Abu Fatima adds that the security forces have forbidden residents of the al-Wahda 2 district from going out, and has not permitted residents of the area to venture into the streets to purchase their daily needs for food as they are accustomed to doing, and the economic difficulties may outlast the security operations, the agency writes, judging from the downcast popular mood in the district.
Most markets in Diwaniya have remained relatively stable in prices for foodstuffs, even with the fear of the possibility of curfews and denial of access to vehicles to and from the city, according to one trader of food items, who criticized the execution of the government's food provision programs, which are based on the distribution of ration cards to Iraqi families.
Several citizens of the city criticized "provocations" by the security forces as they attack the houses of wanted suspects. Abd al Husayn al-Budayri told al-Malaf Press that an Iraqi Army force had seized control of the house of a wanted Mahdi Army commander, expelled the women and children from it, and then turned it into a local headquarters for the force. Such acts were crimes against humanity, he said, and he asked for the urgent intervention of the Iraqi government to stop such "provocations, which the people of Diwaniya refuse by virtue of their tribal values which require respect and protection for women," he says.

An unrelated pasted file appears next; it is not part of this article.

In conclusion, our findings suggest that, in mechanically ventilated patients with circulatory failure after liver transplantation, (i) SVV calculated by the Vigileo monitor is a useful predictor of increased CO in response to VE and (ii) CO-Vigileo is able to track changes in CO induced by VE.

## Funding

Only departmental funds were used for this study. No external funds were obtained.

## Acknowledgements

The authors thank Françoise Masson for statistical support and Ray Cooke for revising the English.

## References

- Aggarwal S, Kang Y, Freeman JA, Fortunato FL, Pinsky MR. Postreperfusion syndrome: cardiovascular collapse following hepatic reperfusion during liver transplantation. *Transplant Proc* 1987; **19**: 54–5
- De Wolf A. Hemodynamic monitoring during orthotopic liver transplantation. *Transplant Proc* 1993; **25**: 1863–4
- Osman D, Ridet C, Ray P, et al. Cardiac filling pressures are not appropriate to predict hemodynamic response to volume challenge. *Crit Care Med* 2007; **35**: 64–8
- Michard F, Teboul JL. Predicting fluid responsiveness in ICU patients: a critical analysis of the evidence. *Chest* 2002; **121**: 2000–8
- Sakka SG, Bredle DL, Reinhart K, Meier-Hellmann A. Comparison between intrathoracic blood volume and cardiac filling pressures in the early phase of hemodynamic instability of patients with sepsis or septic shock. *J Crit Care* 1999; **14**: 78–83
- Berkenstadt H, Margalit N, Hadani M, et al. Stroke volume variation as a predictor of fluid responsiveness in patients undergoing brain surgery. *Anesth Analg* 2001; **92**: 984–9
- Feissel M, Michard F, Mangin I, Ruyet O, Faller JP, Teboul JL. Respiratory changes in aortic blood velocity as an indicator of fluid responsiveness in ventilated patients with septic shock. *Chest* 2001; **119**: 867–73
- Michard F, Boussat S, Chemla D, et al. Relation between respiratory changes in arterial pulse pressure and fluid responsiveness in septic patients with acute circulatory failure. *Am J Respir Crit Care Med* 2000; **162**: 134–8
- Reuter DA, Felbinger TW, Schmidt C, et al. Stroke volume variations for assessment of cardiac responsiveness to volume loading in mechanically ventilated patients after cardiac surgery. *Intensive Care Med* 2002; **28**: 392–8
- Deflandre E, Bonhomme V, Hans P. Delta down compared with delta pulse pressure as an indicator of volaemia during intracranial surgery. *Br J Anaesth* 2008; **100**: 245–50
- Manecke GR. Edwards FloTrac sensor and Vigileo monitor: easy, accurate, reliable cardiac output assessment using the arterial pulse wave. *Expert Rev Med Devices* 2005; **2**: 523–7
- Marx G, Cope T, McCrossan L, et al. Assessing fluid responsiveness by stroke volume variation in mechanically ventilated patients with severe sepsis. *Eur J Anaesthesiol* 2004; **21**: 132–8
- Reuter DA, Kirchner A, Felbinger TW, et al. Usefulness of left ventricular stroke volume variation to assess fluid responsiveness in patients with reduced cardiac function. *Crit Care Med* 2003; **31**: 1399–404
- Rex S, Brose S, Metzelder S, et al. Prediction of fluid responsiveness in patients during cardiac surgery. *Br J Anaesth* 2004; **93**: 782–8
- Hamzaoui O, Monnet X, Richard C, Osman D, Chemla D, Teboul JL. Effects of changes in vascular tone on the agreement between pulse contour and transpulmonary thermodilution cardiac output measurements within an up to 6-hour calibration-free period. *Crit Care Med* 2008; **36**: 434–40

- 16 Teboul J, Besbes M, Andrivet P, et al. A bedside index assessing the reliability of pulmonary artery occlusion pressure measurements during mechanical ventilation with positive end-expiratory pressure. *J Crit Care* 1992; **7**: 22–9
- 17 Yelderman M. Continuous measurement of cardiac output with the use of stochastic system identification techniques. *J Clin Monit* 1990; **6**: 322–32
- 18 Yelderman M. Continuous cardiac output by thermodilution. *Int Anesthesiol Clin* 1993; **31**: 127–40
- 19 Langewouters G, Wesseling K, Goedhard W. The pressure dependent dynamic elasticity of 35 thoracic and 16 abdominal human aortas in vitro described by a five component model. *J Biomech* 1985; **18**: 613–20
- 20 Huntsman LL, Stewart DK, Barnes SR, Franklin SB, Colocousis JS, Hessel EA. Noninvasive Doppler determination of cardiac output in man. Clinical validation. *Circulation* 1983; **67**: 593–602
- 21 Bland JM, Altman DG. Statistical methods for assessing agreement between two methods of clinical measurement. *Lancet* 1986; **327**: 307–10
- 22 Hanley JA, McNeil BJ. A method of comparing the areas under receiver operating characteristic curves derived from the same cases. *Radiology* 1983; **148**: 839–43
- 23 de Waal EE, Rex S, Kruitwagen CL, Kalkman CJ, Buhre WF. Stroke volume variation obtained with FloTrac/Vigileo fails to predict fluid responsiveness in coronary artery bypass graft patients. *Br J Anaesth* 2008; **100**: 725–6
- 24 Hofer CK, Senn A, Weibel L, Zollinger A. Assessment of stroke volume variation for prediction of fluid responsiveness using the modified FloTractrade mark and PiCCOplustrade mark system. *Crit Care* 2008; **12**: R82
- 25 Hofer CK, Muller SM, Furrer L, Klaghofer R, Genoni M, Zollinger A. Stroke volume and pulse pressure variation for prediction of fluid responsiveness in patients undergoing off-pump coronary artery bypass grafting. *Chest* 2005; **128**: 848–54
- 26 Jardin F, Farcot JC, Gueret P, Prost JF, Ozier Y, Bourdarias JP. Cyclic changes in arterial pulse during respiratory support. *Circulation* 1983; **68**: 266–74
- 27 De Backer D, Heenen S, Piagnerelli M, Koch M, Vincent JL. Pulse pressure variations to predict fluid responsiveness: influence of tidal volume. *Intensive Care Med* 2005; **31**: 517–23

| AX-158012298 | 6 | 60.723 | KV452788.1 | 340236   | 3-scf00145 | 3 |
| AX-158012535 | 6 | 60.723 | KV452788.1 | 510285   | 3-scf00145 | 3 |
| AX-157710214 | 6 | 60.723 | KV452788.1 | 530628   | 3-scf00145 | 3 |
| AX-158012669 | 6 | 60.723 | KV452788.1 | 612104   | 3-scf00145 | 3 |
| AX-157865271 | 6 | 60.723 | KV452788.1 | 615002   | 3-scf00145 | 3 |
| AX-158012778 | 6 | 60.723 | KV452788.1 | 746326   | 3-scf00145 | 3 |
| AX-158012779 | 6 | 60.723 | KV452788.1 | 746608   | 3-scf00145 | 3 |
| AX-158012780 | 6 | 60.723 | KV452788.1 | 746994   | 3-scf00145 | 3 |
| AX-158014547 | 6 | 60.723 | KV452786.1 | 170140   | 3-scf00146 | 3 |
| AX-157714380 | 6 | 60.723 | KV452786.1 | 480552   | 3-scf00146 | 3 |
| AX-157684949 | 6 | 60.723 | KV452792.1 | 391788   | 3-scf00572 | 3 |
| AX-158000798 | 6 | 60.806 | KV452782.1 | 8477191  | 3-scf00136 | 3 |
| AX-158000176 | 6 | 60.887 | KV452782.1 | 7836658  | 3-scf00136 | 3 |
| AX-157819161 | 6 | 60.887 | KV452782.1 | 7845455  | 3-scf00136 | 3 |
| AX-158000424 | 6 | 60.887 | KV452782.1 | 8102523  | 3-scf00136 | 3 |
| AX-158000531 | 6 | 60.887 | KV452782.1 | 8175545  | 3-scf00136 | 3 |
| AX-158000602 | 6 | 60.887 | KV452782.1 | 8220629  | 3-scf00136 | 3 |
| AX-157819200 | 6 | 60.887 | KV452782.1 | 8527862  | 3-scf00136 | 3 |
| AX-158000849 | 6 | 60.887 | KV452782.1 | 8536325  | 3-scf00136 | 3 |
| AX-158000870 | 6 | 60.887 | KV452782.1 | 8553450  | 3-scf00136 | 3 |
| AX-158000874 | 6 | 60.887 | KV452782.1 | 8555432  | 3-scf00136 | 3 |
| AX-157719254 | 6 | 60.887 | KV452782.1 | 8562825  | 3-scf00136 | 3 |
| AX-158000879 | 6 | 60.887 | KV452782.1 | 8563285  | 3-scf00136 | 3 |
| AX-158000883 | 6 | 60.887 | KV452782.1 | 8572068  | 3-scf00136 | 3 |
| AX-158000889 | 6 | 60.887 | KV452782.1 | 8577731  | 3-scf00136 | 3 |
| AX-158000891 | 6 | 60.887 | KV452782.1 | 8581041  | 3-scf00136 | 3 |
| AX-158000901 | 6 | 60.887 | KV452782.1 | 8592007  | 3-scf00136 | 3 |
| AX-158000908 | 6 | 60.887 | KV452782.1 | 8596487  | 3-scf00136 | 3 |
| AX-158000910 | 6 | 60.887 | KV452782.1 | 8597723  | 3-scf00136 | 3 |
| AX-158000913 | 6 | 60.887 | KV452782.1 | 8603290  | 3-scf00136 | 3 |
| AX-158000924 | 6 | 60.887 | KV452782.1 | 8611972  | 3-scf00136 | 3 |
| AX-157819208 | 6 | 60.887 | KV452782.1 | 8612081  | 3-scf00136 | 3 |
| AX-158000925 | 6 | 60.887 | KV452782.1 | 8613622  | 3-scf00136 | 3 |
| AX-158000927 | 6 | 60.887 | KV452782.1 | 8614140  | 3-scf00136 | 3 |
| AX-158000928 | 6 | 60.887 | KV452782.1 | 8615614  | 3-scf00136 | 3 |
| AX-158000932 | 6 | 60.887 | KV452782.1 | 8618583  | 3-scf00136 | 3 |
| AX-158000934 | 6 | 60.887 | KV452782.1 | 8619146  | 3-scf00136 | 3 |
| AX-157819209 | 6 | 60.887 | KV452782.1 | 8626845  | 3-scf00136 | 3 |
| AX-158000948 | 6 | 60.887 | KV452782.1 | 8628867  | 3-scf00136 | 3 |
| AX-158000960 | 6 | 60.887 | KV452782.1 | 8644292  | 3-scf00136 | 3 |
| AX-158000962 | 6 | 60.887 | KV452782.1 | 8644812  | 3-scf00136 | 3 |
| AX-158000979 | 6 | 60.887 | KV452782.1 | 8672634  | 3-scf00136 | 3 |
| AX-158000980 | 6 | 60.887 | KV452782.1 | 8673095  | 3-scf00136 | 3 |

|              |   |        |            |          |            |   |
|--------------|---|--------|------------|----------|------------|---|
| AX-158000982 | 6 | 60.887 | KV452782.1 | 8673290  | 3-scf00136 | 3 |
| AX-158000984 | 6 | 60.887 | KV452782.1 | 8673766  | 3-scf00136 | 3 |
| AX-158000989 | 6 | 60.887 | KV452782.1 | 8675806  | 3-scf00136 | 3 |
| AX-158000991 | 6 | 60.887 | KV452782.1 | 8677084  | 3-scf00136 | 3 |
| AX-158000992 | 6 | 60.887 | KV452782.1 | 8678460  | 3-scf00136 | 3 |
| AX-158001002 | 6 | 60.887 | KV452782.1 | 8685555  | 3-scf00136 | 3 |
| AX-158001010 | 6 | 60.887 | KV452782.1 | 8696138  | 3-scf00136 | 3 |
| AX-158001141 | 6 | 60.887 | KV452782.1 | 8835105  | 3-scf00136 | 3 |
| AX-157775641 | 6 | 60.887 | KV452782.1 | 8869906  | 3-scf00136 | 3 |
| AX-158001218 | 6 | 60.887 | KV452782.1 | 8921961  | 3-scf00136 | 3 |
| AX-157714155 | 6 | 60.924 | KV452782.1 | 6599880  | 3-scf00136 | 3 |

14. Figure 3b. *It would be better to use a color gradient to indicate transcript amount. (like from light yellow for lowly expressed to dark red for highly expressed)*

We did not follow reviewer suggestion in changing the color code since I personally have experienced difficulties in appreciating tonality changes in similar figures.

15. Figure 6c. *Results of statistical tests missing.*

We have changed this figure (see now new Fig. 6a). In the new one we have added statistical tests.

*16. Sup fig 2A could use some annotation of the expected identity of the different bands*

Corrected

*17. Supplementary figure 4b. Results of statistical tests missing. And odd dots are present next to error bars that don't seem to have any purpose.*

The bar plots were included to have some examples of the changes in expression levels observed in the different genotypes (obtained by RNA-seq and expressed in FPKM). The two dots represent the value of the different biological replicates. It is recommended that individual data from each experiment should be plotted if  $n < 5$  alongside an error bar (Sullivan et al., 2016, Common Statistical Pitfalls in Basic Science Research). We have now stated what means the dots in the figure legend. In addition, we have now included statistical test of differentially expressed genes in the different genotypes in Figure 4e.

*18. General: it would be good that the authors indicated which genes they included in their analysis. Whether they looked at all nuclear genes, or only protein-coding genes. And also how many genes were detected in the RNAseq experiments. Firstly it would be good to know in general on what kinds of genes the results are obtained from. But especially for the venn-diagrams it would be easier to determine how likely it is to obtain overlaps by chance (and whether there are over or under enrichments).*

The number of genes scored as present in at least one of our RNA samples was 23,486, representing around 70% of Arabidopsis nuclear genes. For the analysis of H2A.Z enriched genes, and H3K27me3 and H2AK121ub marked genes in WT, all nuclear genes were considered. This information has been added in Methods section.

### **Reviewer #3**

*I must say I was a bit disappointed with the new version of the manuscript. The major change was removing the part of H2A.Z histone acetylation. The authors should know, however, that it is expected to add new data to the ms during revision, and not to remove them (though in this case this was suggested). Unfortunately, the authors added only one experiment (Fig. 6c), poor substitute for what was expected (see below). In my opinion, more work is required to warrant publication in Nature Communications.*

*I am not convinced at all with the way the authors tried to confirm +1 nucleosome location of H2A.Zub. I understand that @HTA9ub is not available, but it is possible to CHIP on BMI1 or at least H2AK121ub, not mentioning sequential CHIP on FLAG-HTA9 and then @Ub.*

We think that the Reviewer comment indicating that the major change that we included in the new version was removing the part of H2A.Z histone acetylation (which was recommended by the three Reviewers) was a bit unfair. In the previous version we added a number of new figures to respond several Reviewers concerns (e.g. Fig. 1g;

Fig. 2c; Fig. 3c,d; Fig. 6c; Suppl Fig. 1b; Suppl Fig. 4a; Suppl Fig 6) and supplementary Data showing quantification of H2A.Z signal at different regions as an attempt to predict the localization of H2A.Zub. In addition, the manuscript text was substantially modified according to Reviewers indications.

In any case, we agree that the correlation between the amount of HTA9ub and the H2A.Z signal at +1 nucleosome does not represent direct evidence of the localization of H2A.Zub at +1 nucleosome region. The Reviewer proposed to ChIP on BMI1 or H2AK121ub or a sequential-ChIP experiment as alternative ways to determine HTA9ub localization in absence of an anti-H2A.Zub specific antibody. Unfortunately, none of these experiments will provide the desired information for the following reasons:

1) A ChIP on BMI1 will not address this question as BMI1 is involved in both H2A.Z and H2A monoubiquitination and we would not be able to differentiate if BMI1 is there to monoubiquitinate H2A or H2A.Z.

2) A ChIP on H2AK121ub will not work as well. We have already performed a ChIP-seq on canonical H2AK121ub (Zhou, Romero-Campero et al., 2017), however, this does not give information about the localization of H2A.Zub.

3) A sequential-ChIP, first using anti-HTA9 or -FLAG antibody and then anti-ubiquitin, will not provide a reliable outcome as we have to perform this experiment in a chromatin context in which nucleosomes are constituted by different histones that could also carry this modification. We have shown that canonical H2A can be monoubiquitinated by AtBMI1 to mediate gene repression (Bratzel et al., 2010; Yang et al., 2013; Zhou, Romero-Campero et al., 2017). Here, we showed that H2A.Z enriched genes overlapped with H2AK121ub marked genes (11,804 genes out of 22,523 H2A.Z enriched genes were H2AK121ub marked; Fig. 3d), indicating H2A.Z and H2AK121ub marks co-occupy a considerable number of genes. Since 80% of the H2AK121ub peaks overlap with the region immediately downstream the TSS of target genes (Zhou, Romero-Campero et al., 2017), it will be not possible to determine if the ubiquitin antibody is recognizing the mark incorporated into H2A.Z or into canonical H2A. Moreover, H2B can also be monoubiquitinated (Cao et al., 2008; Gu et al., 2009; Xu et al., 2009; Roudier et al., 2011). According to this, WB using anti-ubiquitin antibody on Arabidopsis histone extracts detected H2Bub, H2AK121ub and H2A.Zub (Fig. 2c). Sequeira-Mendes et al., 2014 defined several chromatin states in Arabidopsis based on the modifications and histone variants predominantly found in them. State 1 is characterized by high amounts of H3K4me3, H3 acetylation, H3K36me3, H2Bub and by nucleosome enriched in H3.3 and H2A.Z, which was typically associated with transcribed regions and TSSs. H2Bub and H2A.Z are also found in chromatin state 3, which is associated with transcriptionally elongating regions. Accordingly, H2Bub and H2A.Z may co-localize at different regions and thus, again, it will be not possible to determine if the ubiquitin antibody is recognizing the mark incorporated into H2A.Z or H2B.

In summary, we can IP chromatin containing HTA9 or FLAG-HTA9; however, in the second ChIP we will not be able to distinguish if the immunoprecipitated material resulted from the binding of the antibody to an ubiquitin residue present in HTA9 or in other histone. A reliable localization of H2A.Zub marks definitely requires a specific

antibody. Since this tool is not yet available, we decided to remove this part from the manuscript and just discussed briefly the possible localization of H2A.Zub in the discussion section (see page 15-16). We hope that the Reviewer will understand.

Meanwhile, al-Budayri's friend, Hamza al-Zamili, says that he witnessed the arrest raid on the house on a Sadrist leader, Haydar Hamza, during which the furniture of the house was smashed, and personal property of the Sadrist was seized, over a month ago.
Although the Operation Lion's Leap appears to be nearing its end, according to military sources, it may not necessarily end the acts of violence, since, according to a Sadrist supporter in the city, it will be followed by a sense of revenge-seeking on the part of many in the city, especially on behalf of those who were detained and many of whom have apparently been tortured and injured in custody, al-Malaf Press writes.